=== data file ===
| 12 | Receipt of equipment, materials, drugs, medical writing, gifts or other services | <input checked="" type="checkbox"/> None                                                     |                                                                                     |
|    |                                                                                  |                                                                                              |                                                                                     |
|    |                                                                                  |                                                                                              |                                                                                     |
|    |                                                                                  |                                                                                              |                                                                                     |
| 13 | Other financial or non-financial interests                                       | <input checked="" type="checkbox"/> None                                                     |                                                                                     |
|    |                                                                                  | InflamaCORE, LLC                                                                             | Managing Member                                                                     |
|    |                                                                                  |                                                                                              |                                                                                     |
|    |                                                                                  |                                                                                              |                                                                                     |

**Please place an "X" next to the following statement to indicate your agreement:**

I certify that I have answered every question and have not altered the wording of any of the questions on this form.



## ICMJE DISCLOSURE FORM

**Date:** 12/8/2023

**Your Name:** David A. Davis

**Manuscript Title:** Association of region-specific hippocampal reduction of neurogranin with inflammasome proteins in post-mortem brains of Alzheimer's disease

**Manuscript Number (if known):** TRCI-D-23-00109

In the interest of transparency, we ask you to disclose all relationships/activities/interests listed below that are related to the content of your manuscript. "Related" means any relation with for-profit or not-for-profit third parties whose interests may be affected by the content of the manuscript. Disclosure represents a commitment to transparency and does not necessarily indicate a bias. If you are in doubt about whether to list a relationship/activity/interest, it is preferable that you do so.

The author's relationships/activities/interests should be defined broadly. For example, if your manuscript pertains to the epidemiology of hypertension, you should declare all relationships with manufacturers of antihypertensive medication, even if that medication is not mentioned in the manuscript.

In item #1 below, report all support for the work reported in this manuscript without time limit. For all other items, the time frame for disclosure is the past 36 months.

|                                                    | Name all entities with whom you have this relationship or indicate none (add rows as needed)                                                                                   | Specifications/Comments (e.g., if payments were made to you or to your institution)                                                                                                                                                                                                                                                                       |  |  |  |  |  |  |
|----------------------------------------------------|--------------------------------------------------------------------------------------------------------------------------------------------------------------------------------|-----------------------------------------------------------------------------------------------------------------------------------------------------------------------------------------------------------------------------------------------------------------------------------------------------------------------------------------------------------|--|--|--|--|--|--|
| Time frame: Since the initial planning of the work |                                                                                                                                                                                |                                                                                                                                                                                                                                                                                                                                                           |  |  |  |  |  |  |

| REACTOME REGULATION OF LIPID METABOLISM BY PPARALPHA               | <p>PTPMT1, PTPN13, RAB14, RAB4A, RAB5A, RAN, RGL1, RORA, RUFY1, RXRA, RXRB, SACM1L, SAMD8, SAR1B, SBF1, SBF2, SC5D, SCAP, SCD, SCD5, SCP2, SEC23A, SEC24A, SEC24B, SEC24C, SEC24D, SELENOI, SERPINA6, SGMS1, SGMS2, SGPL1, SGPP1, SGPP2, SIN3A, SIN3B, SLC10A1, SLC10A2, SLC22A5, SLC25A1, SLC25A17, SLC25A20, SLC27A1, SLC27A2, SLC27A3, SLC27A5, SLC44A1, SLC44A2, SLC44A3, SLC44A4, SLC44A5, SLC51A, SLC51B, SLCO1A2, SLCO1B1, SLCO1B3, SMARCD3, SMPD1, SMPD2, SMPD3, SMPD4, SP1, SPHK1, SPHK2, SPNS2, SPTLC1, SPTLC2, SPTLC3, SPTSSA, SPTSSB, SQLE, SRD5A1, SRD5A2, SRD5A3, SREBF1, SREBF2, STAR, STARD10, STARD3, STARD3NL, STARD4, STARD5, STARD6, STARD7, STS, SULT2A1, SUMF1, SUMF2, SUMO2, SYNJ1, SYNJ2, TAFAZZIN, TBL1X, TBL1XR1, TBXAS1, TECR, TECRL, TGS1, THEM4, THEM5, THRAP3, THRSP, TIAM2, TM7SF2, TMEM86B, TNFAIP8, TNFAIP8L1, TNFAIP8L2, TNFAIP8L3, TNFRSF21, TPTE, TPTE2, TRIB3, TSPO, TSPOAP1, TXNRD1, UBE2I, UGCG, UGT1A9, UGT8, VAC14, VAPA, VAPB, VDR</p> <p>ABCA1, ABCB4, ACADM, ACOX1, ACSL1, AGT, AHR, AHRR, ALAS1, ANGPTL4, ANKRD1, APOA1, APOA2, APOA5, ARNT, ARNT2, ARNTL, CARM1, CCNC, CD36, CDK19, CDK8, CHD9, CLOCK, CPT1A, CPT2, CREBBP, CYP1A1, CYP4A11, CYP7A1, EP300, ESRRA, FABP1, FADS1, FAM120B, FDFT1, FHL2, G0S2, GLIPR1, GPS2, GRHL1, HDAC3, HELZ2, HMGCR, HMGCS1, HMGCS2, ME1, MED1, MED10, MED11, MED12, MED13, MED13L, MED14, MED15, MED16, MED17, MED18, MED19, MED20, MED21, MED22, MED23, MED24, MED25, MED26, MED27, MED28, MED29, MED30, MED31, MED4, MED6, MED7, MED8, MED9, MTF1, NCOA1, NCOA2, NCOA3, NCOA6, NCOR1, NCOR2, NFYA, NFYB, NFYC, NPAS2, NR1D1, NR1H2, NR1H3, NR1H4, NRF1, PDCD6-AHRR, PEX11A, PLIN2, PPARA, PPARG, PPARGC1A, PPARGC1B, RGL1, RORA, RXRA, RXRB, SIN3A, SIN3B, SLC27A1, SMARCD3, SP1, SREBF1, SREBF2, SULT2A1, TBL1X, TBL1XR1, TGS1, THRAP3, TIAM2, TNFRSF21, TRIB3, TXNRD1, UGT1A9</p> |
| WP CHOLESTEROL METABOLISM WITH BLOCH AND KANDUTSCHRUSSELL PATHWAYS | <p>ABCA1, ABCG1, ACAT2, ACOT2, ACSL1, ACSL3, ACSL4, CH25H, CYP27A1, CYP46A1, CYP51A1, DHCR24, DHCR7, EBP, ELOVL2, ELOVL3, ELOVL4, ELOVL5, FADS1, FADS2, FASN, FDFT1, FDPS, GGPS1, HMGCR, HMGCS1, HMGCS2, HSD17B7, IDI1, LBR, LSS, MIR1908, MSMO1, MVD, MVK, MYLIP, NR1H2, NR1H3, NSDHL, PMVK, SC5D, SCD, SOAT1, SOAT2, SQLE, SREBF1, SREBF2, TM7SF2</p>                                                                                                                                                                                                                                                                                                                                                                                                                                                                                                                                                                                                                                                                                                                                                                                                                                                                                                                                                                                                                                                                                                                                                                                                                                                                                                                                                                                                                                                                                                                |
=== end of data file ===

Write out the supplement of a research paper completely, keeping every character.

| 12 | Receipt of equipment, materials, drugs, medical writing, gifts or other services | <input checked="" type="checkbox"/> None                                                     |                                                                                     |
|    |                                                                                  |                                                                                              |                                                                                     |
|    |                                                                                  |                                                                                              |                                                                                     |
|    |                                                                                  |                                                                                              |                                                                                     |
| 13 | Other financial or non-financial interests                                       | <input checked="" type="checkbox"/> None                                                     |                                                                                     |
|    |                                                                                  | InflamaCORE, LLC                                                                             | Managing Member                                                                     |
|    |                                                                                  |                                                                                              |                                                                                     |
|    |                                                                                  |                                                                                              |                                                                                     |

**Please place an "X" next to the following statement to indicate your agreement:**

I certify that I have answered every question and have not altered the wording of any of the questions on this form.



## ICMJE DISCLOSURE FORM

**Date:** 12/8/2023

**Your Name:** David A. Davis

**Manuscript Title:** Association of region-specific hippocampal reduction of neurogranin with inflammasome proteins in post-mortem brains of Alzheimer's disease

**Manuscript Number (if known):** TRCI-D-23-00109

In the interest of transparency, we ask you to disclose all relationships/activities/interests listed below that are related to the content of your manuscript. "Related" means any relation with for-profit or not-for-profit third parties whose interests may be affected by the content of the manuscript. Disclosure represents a commitment to transparency and does not necessarily indicate a bias. If you are in doubt about whether to list a relationship/activity/interest, it is preferable that you do so.

The author's relationships/activities/interests should be defined broadly. For example, if your manuscript pertains to the epidemiology of hypertension, you should declare all relationships with manufacturers of antihypertensive medication, even if that medication is not mentioned in the manuscript.

In item #1 below, report all support for the work reported in this manuscript without time limit. For all other items, the time frame for disclosure is the past 36 months.

|                                                    | Name all entities with whom you have this relationship or indicate none (add rows as needed)                                                                                   | Specifications/Comments (e.g., if payments were made to you or to your institution)                                                                                                                                                                                                                                                                       |  |  |  |  |  |  |
|----------------------------------------------------|--------------------------------------------------------------------------------------------------------------------------------------------------------------------------------|-----------------------------------------------------------------------------------------------------------------------------------------------------------------------------------------------------------------------------------------------------------------------------------------------------------------------------------------------------------|--|--|--|--|--|--|
| Time frame: Since the initial planning of the work |                                                                                                                                                                                |                                                                                                                                                                                                                                                                                                                                                           |  |  |  |  |  |  |

| REACTOME REGULATION OF LIPID METABOLISM BY PPARALPHA               | <p>PTPMT1, PTPN13, RAB14, RAB4A, RAB5A, RAN, RGL1, RORA, RUFY1, RXRA, RXRB, SACM1L, SAMD8, SAR1B, SBF1, SBF2, SC5D, SCAP, SCD, SCD5, SCP2, SEC23A, SEC24A, SEC24B, SEC24C, SEC24D, SELENOI, SERPINA6, SGMS1, SGMS2, SGPL1, SGPP1, SGPP2, SIN3A, SIN3B, SLC10A1, SLC10A2, SLC22A5, SLC25A1, SLC25A17, SLC25A20, SLC27A1, SLC27A2, SLC27A3, SLC27A5, SLC44A1, SLC44A2, SLC44A3, SLC44A4, SLC44A5, SLC51A, SLC51B, SLCO1A2, SLCO1B1, SLCO1B3, SMARCD3, SMPD1, SMPD2, SMPD3, SMPD4, SP1, SPHK1, SPHK2, SPNS2, SPTLC1, SPTLC2, SPTLC3, SPTSSA, SPTSSB, SQLE, SRD5A1, SRD5A2, SRD5A3, SREBF1, SREBF2, STAR, STARD10, STARD3, STARD3NL, STARD4, STARD5, STARD6, STARD7, STS, SULT2A1, SUMF1, SUMF2, SUMO2, SYNJ1, SYNJ2, TAFAZZIN, TBL1X, TBL1XR1, TBXAS1, TECR, TECRL, TGS1, THEM4, THEM5, THRAP3, THRSP, TIAM2, TM7SF2, TMEM86B, TNFAIP8, TNFAIP8L1, TNFAIP8L2, TNFAIP8L3, TNFRSF21, TPTE, TPTE2, TRIB3, TSPO, TSPOAP1, TXNRD1, UBE2I, UGCG, UGT1A9, UGT8, VAC14, VAPA, VAPB, VDR</p> <p>ABCA1, ABCB4, ACADM, ACOX1, ACSL1, AGT, AHR, AHRR, ALAS1, ANGPTL4, ANKRD1, APOA1, APOA2, APOA5, ARNT, ARNT2, ARNTL, CARM1, CCNC, CD36, CDK19, CDK8, CHD9, CLOCK, CPT1A, CPT2, CREBBP, CYP1A1, CYP4A11, CYP7A1, EP300, ESRRA, FABP1, FADS1, FAM120B, FDFT1, FHL2, G0S2, GLIPR1, GPS2, GRHL1, HDAC3, HELZ2, HMGCR, HMGCS1, HMGCS2, ME1, MED1, MED10, MED11, MED12, MED13, MED13L, MED14, MED15, MED16, MED17, MED18, MED19, MED20, MED21, MED22, MED23, MED24, MED25, MED26, MED27, MED28, MED29, MED30, MED31, MED4, MED6, MED7, MED8, MED9, MTF1, NCOA1, NCOA2, NCOA3, NCOA6, NCOR1, NCOR2, NFYA, NFYB, NFYC, NPAS2, NR1D1, NR1H2, NR1H3, NR1H4, NRF1, PDCD6-AHRR, PEX11A, PLIN2, PPARA, PPARG, PPARGC1A, PPARGC1B, RGL1, RORA, RXRA, RXRB, SIN3A, SIN3B, SLC27A1, SMARCD3, SP1, SREBF1, SREBF2, SULT2A1, TBL1X, TBL1XR1, TGS1, THRAP3, TIAM2, TNFRSF21, TRIB3, TXNRD1, UGT1A9</p> |
| WP CHOLESTEROL METABOLISM WITH BLOCH AND KANDUTSCHRUSSELL PATHWAYS | <p>ABCA1, ABCG1, ACAT2, ACOT2, ACSL1, ACSL3, ACSL4, CH25H, CYP27A1, CYP46A1, CYP51A1, DHCR24, DHCR7, EBP, ELOVL2, ELOVL3, ELOVL4, ELOVL5, FADS1, FADS2, FASN, FDFT1, FDPS, GGPS1, HMGCR, HMGCS1, HMGCS2, HSD17B7, IDI1, LBR, LSS, MIR1908, MSMO1, MVD, MVK, MYLIP, NR1H2, NR1H3, NSDHL, PMVK, SC5D, SCD, SOAT1, SOAT2, SQLE, SREBF1, SREBF2, TM7SF2</p>                                                                                                                                                                                                                                                                                                                                                                                                                                                                                                                                                                                                                                                                                                                                                                                                                                                                                                                                                                                                                                                                                                                                                                                                                                                                                                                                                                                                                                                                                                                |